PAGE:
W hether you’re getting ready to downsize to a smaller house or upgrade to a larger one, you’ll need some time to organize your current property and prepare it for staging and selling and for your eventual move. While many homeowners opt to handle most of this work themselves, others find professional help makes the process easier.
When Jonathan Kanter and his wife, Lisa, were preparing to move from their home in Potomac to a larger home in Bethesda, they took the opportunity to simplify their lives and get organized.
“We’d been in the house nine years, and during that time we had two kids and we’d accumulated a lot of stuff,” Jonathan Kanter says. “We wanted to improve the way we live so we could stay more organized in our next home and we also wanted to make sure we didn’t just pack up and move things we don’t need or want.”
The Kanters worked with Scott Roewer, a certified professional organizer and owner of Solutions by Scott & Co. in Washington, beginning about three months before they put their home on the market. They cleared out their garage and their basement, and Roewer found them places to donate belongings they didn’t need and to sell a few more valuable items.
“So many people in D.C. live hectic, high-pressure lives and want to be able to spend their free time with their kids and their families,” Jonathan Kanter says. “We didn’t really want to admit we needed help, but it’s liberating to have an outside person work with you. Scott not only helped us prepare our house to sell but he helped us unpack and stay organized in our new house.”
If you decide you want professional help to face the often daunting task of organizing and de-cluttering your home before a move, you can often find help from a moving company, an interior designer, your real estate agent, a home stager and a “move manager.” While each of these professionals has a slightly different skill set, there’s a lot of crossover in their work, and they’ll often create a team to help you.
“In recent years, good, professional Realtors will usually give you a list of things to pack or move out of your house before it’s listed for sale in order to create the illusion of as much space as possible,” says Jonathan Neal, president and chief executive of Metropolitan Moving and Storage in Rockville. “Staging the house to get the price you want and to sell your home quickly has created a new segment of the moving business that wasn’t there before, because now some moving companies like us also provide storage service. You can use one company to hold items in their warehouse, load them on a truck once you’ve sold your house and then pick up the rest of your belongings for one direct move to your new home.”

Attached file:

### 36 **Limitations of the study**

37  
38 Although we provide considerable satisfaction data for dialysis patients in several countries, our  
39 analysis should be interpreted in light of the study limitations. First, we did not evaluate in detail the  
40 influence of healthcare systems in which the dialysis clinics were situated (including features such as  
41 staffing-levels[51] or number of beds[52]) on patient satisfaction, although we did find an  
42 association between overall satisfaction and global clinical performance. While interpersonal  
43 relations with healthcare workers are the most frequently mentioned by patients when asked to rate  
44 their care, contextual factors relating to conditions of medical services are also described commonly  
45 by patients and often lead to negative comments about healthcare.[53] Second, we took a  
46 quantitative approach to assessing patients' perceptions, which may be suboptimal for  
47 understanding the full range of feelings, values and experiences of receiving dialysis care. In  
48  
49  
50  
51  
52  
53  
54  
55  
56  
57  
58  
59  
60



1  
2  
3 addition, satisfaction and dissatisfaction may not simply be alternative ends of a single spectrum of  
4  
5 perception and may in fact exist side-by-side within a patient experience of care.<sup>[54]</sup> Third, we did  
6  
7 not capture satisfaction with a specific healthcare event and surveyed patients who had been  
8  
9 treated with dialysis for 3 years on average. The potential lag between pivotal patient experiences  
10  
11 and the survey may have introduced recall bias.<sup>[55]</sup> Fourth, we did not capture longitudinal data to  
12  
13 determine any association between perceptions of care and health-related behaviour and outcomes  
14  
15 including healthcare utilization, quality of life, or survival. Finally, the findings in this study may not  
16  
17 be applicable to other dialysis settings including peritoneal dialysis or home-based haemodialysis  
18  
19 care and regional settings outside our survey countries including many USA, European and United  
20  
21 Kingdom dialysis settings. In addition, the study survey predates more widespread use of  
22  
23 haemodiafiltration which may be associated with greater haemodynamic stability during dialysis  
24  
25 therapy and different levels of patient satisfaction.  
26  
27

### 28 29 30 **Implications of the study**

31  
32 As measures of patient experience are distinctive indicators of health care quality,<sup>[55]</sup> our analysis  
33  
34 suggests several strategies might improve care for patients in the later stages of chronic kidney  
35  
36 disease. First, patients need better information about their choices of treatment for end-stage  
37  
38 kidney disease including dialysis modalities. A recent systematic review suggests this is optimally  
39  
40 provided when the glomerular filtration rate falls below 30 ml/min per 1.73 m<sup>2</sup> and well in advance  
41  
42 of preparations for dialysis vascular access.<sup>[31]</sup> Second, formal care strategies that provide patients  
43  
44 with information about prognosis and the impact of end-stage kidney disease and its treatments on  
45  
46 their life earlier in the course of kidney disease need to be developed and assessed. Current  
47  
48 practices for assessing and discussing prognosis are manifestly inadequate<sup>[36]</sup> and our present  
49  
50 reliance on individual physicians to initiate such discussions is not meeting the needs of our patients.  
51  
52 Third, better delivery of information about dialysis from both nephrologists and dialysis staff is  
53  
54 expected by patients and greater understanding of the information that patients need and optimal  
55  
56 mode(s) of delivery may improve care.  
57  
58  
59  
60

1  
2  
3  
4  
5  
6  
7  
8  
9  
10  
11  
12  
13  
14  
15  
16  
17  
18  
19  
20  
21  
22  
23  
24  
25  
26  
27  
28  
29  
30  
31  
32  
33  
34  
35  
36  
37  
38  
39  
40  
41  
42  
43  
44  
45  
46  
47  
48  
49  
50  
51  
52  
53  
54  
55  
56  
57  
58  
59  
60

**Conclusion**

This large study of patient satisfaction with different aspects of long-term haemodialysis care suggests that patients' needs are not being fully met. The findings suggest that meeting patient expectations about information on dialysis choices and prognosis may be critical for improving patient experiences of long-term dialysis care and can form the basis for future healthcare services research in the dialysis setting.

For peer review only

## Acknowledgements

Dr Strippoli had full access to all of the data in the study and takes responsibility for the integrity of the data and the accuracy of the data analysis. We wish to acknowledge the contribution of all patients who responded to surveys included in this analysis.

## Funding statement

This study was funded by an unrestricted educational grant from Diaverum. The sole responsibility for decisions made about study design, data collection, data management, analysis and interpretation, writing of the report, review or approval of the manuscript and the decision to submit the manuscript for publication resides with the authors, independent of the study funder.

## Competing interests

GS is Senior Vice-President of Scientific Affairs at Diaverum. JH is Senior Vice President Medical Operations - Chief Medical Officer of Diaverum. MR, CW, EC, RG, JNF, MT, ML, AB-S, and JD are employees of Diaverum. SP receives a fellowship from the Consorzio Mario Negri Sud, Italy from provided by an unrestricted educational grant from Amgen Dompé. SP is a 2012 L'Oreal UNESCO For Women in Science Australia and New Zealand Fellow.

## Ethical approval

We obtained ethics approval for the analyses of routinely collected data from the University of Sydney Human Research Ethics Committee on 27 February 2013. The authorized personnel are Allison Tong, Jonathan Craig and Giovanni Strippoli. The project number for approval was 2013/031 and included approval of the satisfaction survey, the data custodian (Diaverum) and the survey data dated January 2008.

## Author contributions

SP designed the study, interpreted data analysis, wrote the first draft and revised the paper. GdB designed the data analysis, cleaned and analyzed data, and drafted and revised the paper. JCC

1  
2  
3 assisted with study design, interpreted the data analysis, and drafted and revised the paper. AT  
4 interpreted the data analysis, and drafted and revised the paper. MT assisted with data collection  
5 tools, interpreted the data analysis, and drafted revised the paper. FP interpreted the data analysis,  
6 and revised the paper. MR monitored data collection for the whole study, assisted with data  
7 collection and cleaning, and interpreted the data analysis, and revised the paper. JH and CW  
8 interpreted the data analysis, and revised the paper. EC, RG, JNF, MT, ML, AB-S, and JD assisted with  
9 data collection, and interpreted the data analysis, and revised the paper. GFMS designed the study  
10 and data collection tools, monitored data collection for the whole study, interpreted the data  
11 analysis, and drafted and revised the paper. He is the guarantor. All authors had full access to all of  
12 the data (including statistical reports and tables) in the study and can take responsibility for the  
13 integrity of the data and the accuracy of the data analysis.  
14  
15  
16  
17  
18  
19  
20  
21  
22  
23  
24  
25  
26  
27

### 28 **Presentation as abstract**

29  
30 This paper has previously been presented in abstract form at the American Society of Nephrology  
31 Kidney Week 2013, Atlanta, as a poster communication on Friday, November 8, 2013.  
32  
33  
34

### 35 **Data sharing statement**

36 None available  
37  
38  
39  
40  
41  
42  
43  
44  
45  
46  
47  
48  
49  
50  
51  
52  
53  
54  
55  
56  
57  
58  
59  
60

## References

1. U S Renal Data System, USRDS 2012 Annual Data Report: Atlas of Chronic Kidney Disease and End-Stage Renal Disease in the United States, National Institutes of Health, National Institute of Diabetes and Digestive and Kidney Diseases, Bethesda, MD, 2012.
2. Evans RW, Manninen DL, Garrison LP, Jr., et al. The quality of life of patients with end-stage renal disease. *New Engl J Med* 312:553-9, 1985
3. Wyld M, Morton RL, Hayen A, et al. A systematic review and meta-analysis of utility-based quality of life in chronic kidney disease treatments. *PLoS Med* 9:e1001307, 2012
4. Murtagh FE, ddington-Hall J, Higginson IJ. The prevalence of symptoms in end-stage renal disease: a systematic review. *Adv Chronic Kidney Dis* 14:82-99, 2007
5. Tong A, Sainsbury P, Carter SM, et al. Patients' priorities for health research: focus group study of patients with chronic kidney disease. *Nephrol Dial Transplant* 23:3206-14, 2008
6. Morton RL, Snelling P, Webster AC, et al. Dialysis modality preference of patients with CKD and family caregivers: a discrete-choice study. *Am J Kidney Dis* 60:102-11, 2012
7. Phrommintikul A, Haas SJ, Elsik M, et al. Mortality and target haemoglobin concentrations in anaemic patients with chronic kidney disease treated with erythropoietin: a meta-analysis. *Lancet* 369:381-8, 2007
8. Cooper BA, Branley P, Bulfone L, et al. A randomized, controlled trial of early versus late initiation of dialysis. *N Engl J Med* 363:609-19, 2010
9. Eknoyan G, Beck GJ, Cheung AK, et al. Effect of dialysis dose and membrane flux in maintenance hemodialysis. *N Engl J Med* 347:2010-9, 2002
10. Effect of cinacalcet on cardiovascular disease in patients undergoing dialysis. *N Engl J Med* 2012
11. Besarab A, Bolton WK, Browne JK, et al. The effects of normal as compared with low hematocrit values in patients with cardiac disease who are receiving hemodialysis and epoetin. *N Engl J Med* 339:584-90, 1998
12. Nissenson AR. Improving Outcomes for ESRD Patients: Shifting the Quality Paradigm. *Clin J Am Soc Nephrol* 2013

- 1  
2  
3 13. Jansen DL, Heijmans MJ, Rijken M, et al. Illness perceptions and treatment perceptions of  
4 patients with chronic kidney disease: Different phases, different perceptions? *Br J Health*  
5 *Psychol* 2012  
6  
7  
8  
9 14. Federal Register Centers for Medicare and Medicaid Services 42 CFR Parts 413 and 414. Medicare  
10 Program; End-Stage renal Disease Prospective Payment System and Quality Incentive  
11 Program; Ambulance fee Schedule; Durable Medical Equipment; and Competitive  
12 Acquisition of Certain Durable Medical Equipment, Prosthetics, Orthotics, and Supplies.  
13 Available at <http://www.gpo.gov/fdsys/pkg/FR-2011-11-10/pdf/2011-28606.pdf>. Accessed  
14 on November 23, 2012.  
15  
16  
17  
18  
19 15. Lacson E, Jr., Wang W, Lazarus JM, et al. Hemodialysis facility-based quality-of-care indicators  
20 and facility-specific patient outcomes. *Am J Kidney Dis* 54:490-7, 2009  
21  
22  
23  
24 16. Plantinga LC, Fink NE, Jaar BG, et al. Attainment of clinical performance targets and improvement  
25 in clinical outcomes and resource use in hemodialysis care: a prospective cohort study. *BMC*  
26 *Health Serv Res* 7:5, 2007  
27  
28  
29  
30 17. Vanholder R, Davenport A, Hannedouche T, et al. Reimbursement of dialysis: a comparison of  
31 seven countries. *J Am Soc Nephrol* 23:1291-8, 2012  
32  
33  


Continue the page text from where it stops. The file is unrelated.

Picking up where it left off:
Before you achieve your goal of settling into your next home, you’ll need weeks or months to prepare, although professionals often get calls for help with organizing and packing a mere week before a scheduled move.
“The earlier you get started, the better,” says Lisa M. Bartolomei, principal of Lisa M. Bartolomei Design in South Riding, Va. “Your first step should be to eliminate what you don’t need, then you need to decide what you’ll keep for your next home, and then figure out what you need or don’t need to prep your home for sale.”
Roewer says sellers can save time and money by sorting through everything before they move rather than as they unpack.
“Start with a timeline that works backward from your first open house to today,” Roewer says. “Plot out your time on a calendar and make the time blocks nonnegotiable for sorting and clearing out rooms and closets.”
Roewer recommends starting in the room you use the least, such as a storage room or garage. He says these are good places to make a lot of headway quickly to reduce clutter.
Most real estate agents recommend that you clear as many surfaces in your home as possible. Bartolomei suggests focusing on your foyer and kitchen since buyers will look at those areas first. She also says it helps to know the size of the place you’re moving to.
“The single most important starting place to prepare for moving is a very clear scale drawing of your new floorplan so that you can see exactly what will fit comfortably in your new home,” says Alexandra Koneff, co-owner of Orchestrated Moves in Bethesda. “The biggest time- and money-waster is that most people have an overinflated idea of what will fit in their new home and where it will go.”